Boston voters on Tuesday rejected two embattled incumbent city councilors, issuing a stunning rebuke to the dysfunctional legislative body and sinking two once-promising political careers.
Ricardo Arroyo and Kendra Lara, two of the most influential and outspoken progressive voices on the City Council, became the first incumbent councilors in at least four decades to be eliminated in the first round of voting, after being dogged by personal and political scandals for months. Voters in council Districts 5 and 6 instead chose to elevate a slate of relative newcomers to politics, setting up contests between fresh progressive voices and more moderate contenders in the November general election.
Both Lara and Arroyo conceded shortly after 9 p.m., just over an hour after the polls closed.
In Lara’s District 6, which includes West Roxbury and Jamaica Plain, labor attorney Benjamin Weber will face IT director William King in November. In Arroyo’s District 5, which includes Hyde Park, Roslindale, and parts of Mattapan, the general election pits former Boston police officer Jose Ruiz against former City Hall official Enrique Pepén.
The first-term Lara, 34, had struggled to maintain the support of her constituents after a June 30 car crash, when authorities say she slammed an unregistered vehicle into the side of a Jamaica Plain home while driving without a license.
Lara told a small crowd gathered at the Brendan Behan Pub in Jamaica Plain that with Tuesday’s loss, she has been “promoted to activist.”
“Sometimes when you fight the system, the system fights back,” she said, without referring to the car crash or the related criminal charges, to which she has entered a not guilty plea.
Lara kept a smile on her face and struck an upbeat tone as she spoke. Then, thanking her supporters, she took a swig from a glass of beer.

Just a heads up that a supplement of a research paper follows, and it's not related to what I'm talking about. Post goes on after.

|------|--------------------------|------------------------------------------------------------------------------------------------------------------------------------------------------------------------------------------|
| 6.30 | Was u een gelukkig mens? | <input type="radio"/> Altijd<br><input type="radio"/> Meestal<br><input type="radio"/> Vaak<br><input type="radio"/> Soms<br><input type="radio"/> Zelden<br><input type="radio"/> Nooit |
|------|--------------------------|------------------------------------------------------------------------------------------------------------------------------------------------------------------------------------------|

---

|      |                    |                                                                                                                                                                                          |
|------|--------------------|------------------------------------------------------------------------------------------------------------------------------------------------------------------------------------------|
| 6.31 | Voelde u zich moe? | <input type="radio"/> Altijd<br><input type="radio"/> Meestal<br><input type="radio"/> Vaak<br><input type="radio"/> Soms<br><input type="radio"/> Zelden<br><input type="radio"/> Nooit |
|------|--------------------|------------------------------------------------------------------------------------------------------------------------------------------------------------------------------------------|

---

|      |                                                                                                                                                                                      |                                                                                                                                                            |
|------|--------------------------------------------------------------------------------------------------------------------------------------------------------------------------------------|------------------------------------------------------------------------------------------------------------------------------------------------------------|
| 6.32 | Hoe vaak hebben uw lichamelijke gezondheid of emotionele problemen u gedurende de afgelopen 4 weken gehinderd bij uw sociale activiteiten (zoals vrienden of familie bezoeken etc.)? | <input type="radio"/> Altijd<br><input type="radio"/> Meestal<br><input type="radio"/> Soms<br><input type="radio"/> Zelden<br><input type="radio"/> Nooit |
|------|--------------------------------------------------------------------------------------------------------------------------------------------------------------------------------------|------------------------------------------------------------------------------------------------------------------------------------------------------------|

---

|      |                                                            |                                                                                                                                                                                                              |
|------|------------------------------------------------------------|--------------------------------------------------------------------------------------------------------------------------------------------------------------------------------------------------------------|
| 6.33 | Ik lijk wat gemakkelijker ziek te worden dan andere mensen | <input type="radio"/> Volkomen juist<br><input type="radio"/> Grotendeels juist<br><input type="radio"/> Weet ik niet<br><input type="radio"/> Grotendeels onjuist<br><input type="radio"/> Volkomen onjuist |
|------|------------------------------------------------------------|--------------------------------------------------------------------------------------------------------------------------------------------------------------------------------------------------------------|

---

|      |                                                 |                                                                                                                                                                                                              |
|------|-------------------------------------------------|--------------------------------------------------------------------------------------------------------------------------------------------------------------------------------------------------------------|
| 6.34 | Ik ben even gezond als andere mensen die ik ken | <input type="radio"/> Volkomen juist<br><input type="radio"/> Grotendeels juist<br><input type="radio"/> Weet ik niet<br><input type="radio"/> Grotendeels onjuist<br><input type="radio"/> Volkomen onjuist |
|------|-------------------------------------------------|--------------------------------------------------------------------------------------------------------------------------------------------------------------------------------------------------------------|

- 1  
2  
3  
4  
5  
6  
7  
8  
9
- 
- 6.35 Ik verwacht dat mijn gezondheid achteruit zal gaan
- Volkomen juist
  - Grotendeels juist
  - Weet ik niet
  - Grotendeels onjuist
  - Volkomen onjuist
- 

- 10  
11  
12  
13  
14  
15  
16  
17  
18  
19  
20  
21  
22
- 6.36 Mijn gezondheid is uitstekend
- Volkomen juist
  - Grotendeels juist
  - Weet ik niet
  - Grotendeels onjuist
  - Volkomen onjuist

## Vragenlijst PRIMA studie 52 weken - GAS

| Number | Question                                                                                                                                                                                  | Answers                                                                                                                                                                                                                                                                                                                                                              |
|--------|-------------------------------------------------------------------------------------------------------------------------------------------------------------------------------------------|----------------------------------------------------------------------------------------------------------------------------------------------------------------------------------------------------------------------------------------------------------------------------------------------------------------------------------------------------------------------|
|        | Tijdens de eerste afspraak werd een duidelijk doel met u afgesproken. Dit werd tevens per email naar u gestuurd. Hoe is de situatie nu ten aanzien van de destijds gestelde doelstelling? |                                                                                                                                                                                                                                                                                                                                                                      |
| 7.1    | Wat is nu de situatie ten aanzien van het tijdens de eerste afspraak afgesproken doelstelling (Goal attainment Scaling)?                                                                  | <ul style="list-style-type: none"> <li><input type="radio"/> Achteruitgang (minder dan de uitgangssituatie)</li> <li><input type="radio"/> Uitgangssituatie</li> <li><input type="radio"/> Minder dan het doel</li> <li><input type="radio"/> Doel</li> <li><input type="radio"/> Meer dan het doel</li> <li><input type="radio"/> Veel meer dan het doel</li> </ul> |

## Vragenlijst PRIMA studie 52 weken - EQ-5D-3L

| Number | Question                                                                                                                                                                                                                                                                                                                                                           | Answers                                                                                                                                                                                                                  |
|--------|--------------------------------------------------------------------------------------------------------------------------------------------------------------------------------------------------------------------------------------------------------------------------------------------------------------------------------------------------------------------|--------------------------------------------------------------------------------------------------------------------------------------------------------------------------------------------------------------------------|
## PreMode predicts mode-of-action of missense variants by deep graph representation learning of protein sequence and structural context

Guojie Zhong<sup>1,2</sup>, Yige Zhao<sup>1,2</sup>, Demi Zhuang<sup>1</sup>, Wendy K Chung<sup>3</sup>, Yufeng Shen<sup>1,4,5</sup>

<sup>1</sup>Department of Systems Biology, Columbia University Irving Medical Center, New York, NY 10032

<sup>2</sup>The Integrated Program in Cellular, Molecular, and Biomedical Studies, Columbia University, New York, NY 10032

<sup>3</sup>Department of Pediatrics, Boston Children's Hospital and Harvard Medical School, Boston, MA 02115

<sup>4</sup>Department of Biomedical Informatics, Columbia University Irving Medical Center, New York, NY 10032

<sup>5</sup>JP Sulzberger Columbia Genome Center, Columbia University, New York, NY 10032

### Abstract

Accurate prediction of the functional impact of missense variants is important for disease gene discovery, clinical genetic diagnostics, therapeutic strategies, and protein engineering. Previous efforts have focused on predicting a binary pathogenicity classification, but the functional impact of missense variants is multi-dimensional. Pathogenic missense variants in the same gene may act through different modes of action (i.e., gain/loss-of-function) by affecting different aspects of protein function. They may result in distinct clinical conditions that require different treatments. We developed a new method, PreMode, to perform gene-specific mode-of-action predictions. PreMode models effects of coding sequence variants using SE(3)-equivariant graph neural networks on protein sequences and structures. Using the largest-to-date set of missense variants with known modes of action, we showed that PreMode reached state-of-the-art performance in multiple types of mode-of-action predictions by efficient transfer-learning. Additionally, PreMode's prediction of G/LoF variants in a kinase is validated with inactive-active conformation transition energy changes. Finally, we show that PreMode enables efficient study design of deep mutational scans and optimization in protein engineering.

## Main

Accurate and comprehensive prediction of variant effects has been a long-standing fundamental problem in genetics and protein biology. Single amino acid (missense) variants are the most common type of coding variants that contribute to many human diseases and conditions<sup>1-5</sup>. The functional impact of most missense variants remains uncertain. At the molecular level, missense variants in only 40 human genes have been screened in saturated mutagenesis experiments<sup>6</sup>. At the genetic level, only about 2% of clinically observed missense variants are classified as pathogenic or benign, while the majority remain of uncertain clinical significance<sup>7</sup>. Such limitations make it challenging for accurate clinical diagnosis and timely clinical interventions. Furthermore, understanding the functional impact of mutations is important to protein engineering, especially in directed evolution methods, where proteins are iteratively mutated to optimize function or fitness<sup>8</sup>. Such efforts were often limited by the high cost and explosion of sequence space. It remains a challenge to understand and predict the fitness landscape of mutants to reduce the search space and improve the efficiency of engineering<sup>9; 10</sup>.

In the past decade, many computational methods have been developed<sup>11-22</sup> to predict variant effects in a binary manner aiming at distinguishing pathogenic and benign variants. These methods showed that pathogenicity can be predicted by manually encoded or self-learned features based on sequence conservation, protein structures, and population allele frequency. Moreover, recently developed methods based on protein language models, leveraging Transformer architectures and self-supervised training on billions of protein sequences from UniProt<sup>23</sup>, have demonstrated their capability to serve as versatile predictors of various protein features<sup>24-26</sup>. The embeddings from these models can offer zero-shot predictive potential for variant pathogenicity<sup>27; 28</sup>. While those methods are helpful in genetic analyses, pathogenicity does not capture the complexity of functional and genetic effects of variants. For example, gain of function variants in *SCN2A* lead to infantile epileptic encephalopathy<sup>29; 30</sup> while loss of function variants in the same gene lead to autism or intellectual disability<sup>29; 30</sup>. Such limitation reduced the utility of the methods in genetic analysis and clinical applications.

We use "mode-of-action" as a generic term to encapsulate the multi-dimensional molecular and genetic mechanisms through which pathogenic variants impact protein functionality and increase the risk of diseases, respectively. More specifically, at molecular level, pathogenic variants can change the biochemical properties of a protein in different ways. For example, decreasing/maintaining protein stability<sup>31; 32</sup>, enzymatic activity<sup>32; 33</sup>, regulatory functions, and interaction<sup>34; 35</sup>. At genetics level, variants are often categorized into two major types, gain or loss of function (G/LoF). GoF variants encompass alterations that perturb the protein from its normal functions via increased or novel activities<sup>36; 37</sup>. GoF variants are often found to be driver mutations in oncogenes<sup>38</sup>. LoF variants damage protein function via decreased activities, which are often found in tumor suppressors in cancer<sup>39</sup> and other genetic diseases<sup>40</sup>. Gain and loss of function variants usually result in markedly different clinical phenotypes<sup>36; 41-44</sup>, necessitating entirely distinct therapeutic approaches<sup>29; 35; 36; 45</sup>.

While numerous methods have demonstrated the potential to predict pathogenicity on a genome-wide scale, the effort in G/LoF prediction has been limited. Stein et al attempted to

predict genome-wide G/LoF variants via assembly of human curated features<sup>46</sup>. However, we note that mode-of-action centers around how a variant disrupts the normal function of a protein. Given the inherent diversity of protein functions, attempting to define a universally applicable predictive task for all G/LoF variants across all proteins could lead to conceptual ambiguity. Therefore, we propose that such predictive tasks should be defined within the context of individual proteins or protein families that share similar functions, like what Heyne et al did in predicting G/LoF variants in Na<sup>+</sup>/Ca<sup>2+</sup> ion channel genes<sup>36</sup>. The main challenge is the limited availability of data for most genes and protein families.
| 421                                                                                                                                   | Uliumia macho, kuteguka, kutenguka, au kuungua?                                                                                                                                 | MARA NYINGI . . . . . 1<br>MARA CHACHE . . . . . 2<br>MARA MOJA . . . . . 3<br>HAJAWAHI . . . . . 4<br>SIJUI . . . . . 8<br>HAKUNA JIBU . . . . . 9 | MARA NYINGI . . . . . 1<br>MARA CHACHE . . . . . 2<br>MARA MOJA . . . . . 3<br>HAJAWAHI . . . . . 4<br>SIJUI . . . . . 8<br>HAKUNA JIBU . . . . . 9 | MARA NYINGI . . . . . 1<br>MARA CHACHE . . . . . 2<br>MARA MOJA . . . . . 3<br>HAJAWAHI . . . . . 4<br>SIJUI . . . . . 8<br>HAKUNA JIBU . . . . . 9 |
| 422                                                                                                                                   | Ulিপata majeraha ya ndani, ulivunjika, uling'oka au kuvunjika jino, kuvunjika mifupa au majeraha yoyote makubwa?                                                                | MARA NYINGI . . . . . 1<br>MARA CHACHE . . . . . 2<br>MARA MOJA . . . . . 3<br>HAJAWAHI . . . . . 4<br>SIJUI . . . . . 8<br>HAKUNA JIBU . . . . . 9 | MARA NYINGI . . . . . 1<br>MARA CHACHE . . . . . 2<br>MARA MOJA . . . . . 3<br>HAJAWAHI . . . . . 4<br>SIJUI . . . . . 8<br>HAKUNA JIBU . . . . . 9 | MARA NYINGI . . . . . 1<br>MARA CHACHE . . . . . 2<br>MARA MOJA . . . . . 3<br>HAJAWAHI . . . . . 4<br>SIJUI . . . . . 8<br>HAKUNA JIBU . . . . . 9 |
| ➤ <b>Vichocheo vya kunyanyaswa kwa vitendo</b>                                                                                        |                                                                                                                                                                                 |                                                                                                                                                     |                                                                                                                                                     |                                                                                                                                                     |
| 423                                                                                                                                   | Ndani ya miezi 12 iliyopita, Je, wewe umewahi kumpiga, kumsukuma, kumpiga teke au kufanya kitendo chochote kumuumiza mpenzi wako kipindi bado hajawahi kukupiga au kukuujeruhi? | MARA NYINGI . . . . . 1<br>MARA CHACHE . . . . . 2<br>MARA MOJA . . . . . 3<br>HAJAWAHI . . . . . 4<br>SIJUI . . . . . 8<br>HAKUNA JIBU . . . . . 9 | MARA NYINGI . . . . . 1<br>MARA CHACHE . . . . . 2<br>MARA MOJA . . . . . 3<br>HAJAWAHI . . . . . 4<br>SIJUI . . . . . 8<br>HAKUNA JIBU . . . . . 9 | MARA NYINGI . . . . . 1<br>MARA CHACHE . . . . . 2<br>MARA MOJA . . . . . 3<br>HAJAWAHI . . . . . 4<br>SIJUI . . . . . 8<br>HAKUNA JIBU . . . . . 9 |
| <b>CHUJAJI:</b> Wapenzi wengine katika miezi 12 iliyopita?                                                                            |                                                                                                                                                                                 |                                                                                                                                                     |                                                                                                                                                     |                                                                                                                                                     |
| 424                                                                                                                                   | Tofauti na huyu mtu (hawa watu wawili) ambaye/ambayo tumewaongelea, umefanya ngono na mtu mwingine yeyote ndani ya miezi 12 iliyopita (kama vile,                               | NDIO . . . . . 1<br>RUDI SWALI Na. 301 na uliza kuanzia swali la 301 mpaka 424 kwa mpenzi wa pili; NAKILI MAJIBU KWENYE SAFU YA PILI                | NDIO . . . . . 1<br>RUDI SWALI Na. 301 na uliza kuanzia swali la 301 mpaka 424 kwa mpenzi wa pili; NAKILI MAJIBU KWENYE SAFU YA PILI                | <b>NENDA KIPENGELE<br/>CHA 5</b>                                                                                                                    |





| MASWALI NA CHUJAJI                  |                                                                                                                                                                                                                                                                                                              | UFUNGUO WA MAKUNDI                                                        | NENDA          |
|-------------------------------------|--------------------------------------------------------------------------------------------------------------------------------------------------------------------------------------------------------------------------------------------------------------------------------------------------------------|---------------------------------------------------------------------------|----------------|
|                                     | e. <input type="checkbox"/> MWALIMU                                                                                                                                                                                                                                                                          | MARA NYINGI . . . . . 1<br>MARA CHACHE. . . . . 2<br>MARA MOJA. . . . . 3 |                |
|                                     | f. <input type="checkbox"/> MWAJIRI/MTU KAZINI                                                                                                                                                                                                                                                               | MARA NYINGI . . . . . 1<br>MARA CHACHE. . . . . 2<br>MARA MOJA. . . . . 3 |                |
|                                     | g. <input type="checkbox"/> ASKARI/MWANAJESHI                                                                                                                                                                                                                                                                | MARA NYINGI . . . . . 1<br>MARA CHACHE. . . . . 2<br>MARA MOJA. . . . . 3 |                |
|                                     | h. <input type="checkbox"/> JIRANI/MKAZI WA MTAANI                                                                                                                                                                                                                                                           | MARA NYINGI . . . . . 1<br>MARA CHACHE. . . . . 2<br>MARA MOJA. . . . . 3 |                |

Arroyo, 35, hails from a well-known Boston political dynasty, and had been seen as a rising political star. Now, after an unsuccessful 2022 bid for Suffolk district attorney, Arroyo has lost two major political contests in as many years.
Over the last year, Arroyo had been featured in negative headlines ranging from years-old sexual assault allegations (which he denied, and for which he was never charged) to ethics violations. Arroyo’s name surfaced repeatedly in the bombshell ethics reports showing that Rachael Rollins — who resigned as US attorney for Massachusetts — had used her post to try to sway last year’s race in Arroyo’s favor. Arroyo has been steadfast that he did not do anything wrong.
As he spoke to supporters Tuesday evening at the Square Root in Roslindale, a choked-up Arroyo acknowledged “it’s been a tough 12 months.”
He attributed his loss to relentless negative press that, he said, “builds up over time.”
“You serve at the will of the voters, and the voters spoke, and I accept that,” Arroyo said. Next to him as he spoke stood his father, Felix D. Arroyo, who was the first Latino elected to City Council in Boston’s history.
While campaigning, both councilors had asked voters to focus on their policy positions, not their personal and political baggage. But that pitch proved unsuccessful — and vote tallies showed it wasn’t close. Unofficial returns showed neither incumbent was in striking distance of the first two finishers; both Arroyo and Lara trailed their nearest opponent by double-digit percentages.
The losses make history: Since 1984, when the city adopted its current council structure, no incumbent councilor has lost in the preliminary round of voting. Fewer than 10 incumbent councilors have lost reelection bids at all in the last 40 years.
Tuesday’s results are the strongest indication yet of how frustrated voters have grown with the current City Council, whose two-year term has been plagued by internal chaos, more notable for its division and dysfunction than for its policy achievements. And the vote could portend a new ideological balance on the council, where progressives earned strong representation in this term but have struggled to make commensurate policy strides.